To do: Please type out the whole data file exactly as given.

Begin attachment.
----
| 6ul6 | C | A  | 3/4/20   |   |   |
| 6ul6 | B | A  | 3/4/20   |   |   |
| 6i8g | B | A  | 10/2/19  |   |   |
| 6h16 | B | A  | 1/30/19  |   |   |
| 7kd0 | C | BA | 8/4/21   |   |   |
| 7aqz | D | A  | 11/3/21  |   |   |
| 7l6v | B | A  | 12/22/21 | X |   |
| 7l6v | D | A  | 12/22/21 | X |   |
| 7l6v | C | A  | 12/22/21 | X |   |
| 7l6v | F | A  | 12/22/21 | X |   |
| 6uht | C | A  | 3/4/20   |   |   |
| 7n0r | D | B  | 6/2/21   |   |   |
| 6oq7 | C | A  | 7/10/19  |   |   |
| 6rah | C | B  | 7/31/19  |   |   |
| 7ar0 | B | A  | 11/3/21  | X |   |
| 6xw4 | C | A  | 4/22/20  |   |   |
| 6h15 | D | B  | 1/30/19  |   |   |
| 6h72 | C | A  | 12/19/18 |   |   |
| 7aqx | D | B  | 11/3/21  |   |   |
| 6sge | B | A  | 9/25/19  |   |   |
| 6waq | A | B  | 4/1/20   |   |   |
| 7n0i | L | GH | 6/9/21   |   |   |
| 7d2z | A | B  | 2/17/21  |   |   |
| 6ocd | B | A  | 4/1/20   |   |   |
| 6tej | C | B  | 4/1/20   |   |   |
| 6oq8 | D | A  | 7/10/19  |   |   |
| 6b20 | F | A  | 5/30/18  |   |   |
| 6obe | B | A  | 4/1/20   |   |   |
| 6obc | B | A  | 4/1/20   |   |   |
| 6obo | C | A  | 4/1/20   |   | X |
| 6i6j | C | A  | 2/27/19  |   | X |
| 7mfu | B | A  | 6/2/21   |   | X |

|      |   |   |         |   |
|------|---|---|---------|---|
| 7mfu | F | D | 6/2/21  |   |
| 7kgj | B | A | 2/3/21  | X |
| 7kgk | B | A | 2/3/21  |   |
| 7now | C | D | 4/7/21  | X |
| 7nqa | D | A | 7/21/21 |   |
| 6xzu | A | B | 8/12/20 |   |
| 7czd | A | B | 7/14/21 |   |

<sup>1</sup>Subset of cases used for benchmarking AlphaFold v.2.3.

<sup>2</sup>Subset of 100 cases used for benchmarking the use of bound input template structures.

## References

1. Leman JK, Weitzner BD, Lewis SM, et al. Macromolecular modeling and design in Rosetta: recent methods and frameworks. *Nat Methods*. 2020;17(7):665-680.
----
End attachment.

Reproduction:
| 6ul6 | C | A  | 3/4/20   |   |   |
| 6ul6 | B | A  | 3/4/20   |   |   |
| 6i8g | B | A  | 10/2/19  |   |   |
| 6h16 | B | A  | 1/30/19  |   |   |
| 7kd0 | C | BA | 8/4/21   |   |   |
| 7aqz | D | A  | 11/3/21  |   |   |
| 7l6v | B | A  | 12/22/21 | X |   |
| 7l6v | D | A  | 12/22/21 | X |   |
| 7l6v | C | A  | 12/22/21 | X |   |
| 7l6v | F | A  | 12/22/21 | X |   |
| 6uht | C | A  | 3/4/20   |   |   |
| 7n0r | D | B  | 6/2/21   |   |   |
| 6oq7 | C | A  | 7/10/19  |   |   |
| 6rah | C | B  | 7/31/19  |   |   |
| 7ar0 | B | A  | 11/3/21  | X |   |
| 6xw4 | C | A  | 4/22/20  |   |   |
| 6h15 | D | B  | 1/30/19  |   |   |
| 6h72 | C | A  | 12/19/18 |   |   |
| 7aqx | D | B  | 11/3/21  |   |   |
| 6sge | B | A  | 9/25/19  |   |   |
| 6waq | A | B  | 4/1/20   |   |   |
| 7n0i | L | GH | 6/9/21   |   |   |
| 7d2z | A | B  | 2/17/21  |   |   |
| 6ocd | B | A  | 4/1/20   |   |   |
| 6tej | C | B  | 4/1/20   |   |   |
| 6oq8 | D | A  | 7/10/19  |   |   |
| 6b20 | F | A  | 5/30/18  |   |   |
| 6obe | B | A  | 4/1/20   |   |   |
| 6obc | B | A  | 4/1/20   |   |   |
| 6obo | C | A  | 4/1/20   |   | X |
| 6i6j | C | A  | 2/27/19  |   | X |
| 7mfu | B | A  | 6/2/21   |   | X |

|      |   |   |         |   |
|------|---|---|---------|---|
| 7mfu | F | D | 6/2/21  |   |
| 7kgj | B | A | 2/3/21  | X |
| 7kgk | B | A | 2/3/21  |   |
| 7now | C | D | 4/7/21  | X |
| 7nqa | D | A | 7/21/21 |   |
| 6xzu | A | B | 8/12/20 |   |
| 7czd | A | B | 7/14/21 |   |

<sup>1</sup>Subset of cases used for benchmarking AlphaFold v.2.3.

<sup>2</sup>Subset of 100 cases used for benchmarking the use of bound input template structures.

## References

1. Leman JK, Weitzner BD, Lewis SM, et al. Macromolecular modeling and design in Rosetta: recent methods and frameworks. *Nat Methods*. 2020;17(7):665-680.